None of this is workable, of course, and it’s not even really a criticism; but it raises the question, nowadays, of what it really means to be a “Star Trek show ”at all. For most of its execution, “Lost & Found” is a perfectly acceptable, albeit at times boring, space-action spectacle with a fast-paced, nifty visuals, and a (mostly) likable cast of characters, and if not. is not the case do not walk with the classic ideas of what Trek can and can’t be – not a Vulcan to see, no red shirts, no one is teleported anywhere – well, maybe it’s just a function of needing a name to sell a local , and Disney already has the most apparently relevant.

Yet this lack of immediate signifiers can also be an intentional attempt to subvert expectations. Or Star Trek: Discovery looked into Abrams’ big high stakes / high emotions swings, and The lower decks offered an affectionate parody of familiar Trek tropes before learning how to use these tropes to one’s advantage, Prodigy seems genuinely interested in bringing a new kind of story to the Trek-verse.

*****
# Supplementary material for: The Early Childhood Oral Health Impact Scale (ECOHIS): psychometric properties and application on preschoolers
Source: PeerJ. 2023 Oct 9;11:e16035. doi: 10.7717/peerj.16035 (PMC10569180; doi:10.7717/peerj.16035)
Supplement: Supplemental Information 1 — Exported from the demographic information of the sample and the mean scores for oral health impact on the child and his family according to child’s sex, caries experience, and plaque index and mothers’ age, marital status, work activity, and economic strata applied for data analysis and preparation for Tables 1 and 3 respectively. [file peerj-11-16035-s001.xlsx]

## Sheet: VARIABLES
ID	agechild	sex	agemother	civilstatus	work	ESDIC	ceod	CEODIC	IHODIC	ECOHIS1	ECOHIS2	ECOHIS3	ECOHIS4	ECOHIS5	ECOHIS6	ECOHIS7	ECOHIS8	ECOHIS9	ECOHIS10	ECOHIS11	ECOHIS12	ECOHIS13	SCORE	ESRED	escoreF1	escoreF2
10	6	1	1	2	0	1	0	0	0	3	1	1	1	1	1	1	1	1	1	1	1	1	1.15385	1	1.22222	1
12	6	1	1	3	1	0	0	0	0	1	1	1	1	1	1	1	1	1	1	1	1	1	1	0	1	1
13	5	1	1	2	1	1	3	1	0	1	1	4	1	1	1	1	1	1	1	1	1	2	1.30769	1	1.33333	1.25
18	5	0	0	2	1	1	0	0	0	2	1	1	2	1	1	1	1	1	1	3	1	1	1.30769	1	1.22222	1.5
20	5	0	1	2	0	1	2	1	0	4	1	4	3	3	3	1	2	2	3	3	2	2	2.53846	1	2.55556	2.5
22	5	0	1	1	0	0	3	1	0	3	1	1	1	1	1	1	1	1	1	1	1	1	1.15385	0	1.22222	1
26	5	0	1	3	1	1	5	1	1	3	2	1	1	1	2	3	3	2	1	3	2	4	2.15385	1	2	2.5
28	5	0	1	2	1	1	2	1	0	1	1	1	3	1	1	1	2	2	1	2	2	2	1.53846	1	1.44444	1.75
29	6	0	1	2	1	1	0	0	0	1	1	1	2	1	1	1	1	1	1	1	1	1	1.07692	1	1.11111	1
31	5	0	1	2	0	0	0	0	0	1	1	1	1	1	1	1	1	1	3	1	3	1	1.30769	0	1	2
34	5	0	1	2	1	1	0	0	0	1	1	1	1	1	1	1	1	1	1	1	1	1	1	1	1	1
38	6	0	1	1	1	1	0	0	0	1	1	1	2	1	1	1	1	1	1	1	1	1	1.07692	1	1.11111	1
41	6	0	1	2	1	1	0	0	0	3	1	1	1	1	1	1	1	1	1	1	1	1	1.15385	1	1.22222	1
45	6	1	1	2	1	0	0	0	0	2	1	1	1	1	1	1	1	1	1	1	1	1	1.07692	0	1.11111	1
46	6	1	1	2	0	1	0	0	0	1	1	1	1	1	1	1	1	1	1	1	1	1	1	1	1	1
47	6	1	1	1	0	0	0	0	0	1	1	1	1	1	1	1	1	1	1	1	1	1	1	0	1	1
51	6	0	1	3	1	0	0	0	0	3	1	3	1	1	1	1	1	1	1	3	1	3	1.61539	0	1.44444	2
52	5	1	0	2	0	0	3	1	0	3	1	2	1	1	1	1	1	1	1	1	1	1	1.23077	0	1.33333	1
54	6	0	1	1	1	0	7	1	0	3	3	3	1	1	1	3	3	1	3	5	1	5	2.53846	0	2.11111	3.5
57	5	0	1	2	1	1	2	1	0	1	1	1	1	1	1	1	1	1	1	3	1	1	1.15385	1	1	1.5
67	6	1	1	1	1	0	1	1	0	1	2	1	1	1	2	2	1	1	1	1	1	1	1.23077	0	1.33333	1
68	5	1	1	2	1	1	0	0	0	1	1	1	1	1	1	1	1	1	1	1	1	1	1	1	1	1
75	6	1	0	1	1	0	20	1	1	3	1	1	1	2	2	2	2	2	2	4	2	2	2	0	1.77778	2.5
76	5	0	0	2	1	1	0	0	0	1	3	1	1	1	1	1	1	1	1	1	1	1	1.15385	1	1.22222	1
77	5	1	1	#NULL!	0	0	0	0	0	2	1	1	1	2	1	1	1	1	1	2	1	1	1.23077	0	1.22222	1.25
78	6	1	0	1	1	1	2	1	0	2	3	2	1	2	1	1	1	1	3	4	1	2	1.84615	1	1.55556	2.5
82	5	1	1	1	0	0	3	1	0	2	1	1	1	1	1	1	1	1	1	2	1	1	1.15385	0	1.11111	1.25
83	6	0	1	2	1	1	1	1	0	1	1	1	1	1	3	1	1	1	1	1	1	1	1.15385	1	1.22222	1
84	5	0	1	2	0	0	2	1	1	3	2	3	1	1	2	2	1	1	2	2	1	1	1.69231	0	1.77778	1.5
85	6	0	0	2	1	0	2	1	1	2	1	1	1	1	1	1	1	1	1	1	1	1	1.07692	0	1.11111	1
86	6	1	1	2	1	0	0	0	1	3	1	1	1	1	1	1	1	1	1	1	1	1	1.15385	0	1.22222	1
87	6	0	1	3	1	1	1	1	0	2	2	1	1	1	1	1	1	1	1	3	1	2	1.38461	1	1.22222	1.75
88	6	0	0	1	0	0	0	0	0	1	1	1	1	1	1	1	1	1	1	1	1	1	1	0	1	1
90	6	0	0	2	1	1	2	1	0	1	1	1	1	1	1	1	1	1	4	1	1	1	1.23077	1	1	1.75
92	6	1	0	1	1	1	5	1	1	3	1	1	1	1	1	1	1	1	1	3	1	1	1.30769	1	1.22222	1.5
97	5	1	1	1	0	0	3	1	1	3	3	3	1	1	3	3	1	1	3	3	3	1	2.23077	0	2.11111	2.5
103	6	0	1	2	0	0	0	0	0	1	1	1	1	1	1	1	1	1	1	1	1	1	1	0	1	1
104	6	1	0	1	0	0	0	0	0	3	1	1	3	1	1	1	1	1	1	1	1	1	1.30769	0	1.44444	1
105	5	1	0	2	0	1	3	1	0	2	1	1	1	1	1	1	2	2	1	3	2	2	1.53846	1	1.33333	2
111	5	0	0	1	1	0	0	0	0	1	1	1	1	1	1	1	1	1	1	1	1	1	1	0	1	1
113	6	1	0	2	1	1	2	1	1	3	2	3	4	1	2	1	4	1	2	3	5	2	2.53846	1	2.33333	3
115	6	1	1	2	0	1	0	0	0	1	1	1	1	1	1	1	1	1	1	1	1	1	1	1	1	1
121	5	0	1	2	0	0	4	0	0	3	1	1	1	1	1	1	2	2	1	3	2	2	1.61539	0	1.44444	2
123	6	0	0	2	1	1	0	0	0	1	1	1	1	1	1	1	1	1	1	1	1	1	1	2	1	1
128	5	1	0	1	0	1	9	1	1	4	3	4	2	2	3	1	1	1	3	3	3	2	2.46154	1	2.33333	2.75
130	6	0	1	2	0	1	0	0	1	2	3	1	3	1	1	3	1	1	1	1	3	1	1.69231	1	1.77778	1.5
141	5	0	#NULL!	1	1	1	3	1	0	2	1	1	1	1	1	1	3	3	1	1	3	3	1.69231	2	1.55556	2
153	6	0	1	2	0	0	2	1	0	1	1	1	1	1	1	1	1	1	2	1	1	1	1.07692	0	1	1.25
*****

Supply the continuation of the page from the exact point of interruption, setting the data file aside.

While the “new” is largely contextual – the beats here should be familiar to anyone who has watched similar things in the past – there’s an interesting tension that arises when the series finally deigns to be ready to start delivering. the first part of its namesake. There have been Trek shows about new crews, new worlds, new civilizations, but there never was one from outside. What do Starfleet and the Federation mean to a group of orphans looking for a home?